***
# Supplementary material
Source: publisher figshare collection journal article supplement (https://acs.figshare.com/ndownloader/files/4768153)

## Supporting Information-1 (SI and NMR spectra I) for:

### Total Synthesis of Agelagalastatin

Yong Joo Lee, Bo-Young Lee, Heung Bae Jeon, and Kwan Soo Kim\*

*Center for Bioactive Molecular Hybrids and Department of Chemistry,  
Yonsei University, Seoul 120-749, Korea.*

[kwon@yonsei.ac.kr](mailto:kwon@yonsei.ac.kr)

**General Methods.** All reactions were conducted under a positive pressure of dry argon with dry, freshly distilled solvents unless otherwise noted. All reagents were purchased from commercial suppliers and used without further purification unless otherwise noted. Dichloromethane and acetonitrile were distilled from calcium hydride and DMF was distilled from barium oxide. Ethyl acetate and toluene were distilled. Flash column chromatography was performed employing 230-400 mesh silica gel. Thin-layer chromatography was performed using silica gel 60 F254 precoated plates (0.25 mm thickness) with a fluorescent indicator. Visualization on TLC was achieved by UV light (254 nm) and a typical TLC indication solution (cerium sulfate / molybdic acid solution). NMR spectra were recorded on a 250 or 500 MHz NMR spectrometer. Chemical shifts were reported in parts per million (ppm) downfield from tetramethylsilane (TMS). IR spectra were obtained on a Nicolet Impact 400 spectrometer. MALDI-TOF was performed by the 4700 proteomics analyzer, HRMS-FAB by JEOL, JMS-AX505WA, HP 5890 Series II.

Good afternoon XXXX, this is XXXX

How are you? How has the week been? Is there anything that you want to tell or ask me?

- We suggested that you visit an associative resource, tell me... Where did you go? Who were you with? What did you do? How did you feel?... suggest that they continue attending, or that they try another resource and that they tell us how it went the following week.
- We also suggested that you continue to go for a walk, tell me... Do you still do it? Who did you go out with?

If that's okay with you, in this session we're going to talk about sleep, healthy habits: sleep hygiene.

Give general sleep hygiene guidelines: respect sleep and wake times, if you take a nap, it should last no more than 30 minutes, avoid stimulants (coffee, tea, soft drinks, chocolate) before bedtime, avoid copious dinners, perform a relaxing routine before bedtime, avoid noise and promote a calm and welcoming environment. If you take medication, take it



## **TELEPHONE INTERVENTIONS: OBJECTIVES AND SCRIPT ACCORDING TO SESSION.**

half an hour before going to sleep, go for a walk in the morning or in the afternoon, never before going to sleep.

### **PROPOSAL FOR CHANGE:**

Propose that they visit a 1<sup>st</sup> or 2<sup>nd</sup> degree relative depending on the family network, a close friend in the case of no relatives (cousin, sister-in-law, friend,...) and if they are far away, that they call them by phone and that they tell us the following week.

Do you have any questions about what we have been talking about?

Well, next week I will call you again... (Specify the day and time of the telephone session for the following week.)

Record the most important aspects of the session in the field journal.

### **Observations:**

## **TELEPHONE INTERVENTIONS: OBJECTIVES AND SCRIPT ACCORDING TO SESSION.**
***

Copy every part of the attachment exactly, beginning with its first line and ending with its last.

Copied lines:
# Supplementary material
Source: publisher figshare collection journal article supplement (https://acs.figshare.com/ndownloader/files/4768153)

## Supporting Information-1 (SI and NMR spectra I) for:

### Total Synthesis of Agelagalastatin

Yong Joo Lee, Bo-Young Lee, Heung Bae Jeon, and Kwan Soo Kim\*

*Center for Bioactive Molecular Hybrids and Department of Chemistry,  
Yonsei University, Seoul 120-749, Korea.*

[kwon@yonsei.ac.kr](mailto:kwon@yonsei.ac.kr)

**General Methods.** All reactions were conducted under a positive pressure of dry argon with dry, freshly distilled solvents unless otherwise noted. All reagents were purchased from commercial suppliers and used without further purification unless otherwise noted. Dichloromethane and acetonitrile were distilled from calcium hydride and DMF was distilled from barium oxide. Ethyl acetate and toluene were distilled. Flash column chromatography was performed employing 230-400 mesh silica gel. Thin-layer chromatography was performed using silica gel 60 F254 precoated plates (0.25 mm thickness) with a fluorescent indicator. Visualization on TLC was achieved by UV light (254 nm) and a typical TLC indication solution (cerium sulfate / molybdic acid solution). NMR spectra were recorded on a 250 or 500 MHz NMR spectrometer. Chemical shifts were reported in parts per million (ppm) downfield from tetramethylsilane (TMS). IR spectra were obtained on a Nicolet Impact 400 spectrometer. MALDI-TOF was performed by the 4700 proteomics analyzer, HRMS-FAB by JEOL, JMS-AX505WA, HP 5890 Series II.

Good afternoon XXXX, this is XXXX

How are you? How has the week been? Is there anything that you want to tell or ask me?

- We suggested that you visit an associative resource, tell me... Where did you go? Who were you with? What did you do? How did you feel?... suggest that they continue attending, or that they try another resource and that they tell us how it went the following week.
- We also suggested that you continue to go for a walk, tell me... Do you still do it? Who did you go out with?

If that's okay with you, in this session we're going to talk about sleep, healthy habits: sleep hygiene.

Give general sleep hygiene guidelines: respect sleep and wake times, if you take a nap, it should last no more than 30 minutes, avoid stimulants (coffee, tea, soft drinks, chocolate) before bedtime, avoid copious dinners, perform a relaxing routine before bedtime, avoid noise and promote a calm and welcoming environment. If you take medication, take it



## **TELEPHONE INTERVENTIONS: OBJECTIVES AND SCRIPT ACCORDING TO SESSION.**

half an hour before going to sleep, go for a walk in the morning or in the afternoon, never before going to sleep.

### **PROPOSAL FOR CHANGE:**

Propose that they visit a 1<sup>st</sup> or 2<sup>nd</sup> degree relative depending on the family network, a close friend in the case of no relatives (cousin, sister-in-law, friend,...) and if they are far away, that they call them by phone and that they tell us the following week.

Do you have any questions about what we have been talking about?

Well, next week I will call you again... (Specify the day and time of the telephone session for the following week.)

Record the most important aspects of the session in the field journal.

### **Observations:**

## **TELEPHONE INTERVENTIONS: OBJECTIVES AND SCRIPT ACCORDING TO SESSION.**